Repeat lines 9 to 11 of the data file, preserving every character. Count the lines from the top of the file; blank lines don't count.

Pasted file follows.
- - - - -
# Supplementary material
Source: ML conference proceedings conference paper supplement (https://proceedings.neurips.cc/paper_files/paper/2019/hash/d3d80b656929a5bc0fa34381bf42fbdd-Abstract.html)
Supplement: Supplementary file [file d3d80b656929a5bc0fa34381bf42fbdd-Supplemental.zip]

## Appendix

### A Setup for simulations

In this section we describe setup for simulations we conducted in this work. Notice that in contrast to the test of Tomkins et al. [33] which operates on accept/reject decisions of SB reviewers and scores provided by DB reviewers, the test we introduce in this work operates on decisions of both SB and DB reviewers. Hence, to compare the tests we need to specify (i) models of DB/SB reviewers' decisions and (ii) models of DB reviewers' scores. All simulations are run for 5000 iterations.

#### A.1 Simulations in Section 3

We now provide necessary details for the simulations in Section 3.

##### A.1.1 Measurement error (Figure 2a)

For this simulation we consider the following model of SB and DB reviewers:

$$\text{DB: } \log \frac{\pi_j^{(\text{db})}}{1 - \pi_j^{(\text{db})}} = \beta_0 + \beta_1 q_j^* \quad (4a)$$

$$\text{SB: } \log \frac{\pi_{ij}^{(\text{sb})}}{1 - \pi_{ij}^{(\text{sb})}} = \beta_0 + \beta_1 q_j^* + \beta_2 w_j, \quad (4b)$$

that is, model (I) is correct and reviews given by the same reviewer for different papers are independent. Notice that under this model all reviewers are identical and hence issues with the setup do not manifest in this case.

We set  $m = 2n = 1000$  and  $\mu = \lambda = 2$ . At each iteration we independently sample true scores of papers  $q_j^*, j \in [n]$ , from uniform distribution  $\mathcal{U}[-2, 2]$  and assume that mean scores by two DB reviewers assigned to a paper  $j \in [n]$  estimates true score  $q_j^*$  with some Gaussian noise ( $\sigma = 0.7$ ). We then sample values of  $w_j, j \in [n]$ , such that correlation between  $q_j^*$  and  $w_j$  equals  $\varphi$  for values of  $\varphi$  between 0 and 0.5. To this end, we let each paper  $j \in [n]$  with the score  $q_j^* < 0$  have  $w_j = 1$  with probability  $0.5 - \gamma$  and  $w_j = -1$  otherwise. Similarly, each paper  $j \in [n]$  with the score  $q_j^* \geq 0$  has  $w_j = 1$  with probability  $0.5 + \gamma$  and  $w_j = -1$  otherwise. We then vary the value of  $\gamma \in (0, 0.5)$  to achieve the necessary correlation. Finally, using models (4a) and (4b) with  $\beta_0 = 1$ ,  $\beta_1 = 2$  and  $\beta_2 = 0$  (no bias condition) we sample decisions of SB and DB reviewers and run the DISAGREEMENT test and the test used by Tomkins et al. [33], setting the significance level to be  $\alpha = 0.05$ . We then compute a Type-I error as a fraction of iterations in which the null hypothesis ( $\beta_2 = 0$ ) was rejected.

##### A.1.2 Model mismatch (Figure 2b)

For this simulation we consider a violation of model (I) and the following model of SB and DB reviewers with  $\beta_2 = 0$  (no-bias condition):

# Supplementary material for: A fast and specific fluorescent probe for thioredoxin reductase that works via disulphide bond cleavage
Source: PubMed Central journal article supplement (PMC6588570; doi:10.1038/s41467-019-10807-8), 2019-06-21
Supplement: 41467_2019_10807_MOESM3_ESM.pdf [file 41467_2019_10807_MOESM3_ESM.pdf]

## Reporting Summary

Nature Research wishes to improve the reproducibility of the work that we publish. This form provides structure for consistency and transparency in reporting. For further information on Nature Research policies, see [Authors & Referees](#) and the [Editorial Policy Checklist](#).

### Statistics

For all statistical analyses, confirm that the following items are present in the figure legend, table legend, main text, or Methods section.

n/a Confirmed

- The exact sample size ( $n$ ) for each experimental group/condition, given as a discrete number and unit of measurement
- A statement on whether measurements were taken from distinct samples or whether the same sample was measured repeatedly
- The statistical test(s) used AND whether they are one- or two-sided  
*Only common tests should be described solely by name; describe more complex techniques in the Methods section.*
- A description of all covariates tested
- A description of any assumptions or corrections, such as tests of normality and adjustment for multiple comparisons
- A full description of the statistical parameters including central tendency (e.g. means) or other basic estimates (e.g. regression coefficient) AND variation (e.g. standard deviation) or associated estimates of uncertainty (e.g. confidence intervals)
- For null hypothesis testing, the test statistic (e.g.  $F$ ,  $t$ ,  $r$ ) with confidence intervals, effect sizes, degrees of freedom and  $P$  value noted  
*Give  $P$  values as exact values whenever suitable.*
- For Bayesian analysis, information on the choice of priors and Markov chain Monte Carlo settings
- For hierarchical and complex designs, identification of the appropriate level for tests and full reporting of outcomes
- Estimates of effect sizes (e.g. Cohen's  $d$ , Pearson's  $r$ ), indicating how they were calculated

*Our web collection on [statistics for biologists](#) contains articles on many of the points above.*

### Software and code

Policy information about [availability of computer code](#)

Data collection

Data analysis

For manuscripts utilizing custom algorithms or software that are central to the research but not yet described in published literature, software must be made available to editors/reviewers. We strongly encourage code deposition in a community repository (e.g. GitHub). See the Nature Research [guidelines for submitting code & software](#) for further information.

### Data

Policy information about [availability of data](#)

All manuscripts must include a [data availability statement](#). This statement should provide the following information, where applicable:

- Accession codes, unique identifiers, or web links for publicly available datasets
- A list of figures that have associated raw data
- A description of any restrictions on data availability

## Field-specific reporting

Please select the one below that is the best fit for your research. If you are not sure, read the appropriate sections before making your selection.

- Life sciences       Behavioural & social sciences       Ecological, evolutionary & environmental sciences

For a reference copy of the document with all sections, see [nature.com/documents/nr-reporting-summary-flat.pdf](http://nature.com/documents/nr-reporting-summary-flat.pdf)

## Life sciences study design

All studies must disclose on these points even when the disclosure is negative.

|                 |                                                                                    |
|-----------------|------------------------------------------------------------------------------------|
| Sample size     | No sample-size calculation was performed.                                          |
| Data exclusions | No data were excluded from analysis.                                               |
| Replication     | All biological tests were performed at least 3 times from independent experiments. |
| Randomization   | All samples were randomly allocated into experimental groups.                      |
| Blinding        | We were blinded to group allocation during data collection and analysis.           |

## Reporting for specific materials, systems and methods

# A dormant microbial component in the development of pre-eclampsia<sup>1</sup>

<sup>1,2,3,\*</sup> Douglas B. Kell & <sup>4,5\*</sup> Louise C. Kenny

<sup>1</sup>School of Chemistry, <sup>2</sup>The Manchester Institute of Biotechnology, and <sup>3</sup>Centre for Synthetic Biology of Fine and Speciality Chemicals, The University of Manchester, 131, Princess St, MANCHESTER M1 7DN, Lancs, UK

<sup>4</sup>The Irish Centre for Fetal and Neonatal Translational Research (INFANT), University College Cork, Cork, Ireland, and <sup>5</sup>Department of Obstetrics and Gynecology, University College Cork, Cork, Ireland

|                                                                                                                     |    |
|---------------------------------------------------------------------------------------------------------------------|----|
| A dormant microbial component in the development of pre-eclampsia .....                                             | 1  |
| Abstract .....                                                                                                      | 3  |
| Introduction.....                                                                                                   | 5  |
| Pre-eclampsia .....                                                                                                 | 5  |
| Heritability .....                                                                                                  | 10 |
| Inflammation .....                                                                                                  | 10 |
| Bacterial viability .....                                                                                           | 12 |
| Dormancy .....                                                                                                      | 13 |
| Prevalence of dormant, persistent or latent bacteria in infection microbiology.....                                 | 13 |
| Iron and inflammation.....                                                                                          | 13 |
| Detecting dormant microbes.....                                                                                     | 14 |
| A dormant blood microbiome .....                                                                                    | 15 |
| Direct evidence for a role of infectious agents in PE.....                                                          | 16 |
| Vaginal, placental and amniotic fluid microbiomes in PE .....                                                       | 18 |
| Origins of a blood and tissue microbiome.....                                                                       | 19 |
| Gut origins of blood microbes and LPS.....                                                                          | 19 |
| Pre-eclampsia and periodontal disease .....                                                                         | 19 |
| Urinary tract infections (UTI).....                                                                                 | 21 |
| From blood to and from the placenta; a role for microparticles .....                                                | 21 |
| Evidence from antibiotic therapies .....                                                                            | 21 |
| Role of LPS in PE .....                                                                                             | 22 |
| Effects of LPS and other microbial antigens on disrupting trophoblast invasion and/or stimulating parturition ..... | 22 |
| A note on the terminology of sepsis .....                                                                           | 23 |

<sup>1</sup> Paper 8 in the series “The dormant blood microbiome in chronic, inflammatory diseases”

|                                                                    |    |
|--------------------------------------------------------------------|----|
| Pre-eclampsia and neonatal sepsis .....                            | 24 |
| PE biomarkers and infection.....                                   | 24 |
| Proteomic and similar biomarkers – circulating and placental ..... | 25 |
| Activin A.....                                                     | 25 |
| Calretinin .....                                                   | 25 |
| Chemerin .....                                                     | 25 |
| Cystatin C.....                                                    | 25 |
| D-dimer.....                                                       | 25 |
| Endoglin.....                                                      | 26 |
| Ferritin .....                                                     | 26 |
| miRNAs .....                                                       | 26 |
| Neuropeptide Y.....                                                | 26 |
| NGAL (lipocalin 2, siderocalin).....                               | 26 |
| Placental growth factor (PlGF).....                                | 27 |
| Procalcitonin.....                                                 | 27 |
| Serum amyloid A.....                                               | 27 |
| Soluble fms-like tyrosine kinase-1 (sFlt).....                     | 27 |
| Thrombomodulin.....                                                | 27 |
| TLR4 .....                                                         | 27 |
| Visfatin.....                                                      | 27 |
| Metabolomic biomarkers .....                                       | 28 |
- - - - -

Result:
##### A.1.1 Measurement error (Figure 2a)

For this simulation we consider the following model of SB and DB reviewers:

$$\text{DB: } \log \frac{\pi_j^{(\text{db})}}{1 - \pi_j^{(\text{db})}} = \beta_0 + \beta_1 q_j^* \quad (4a)$$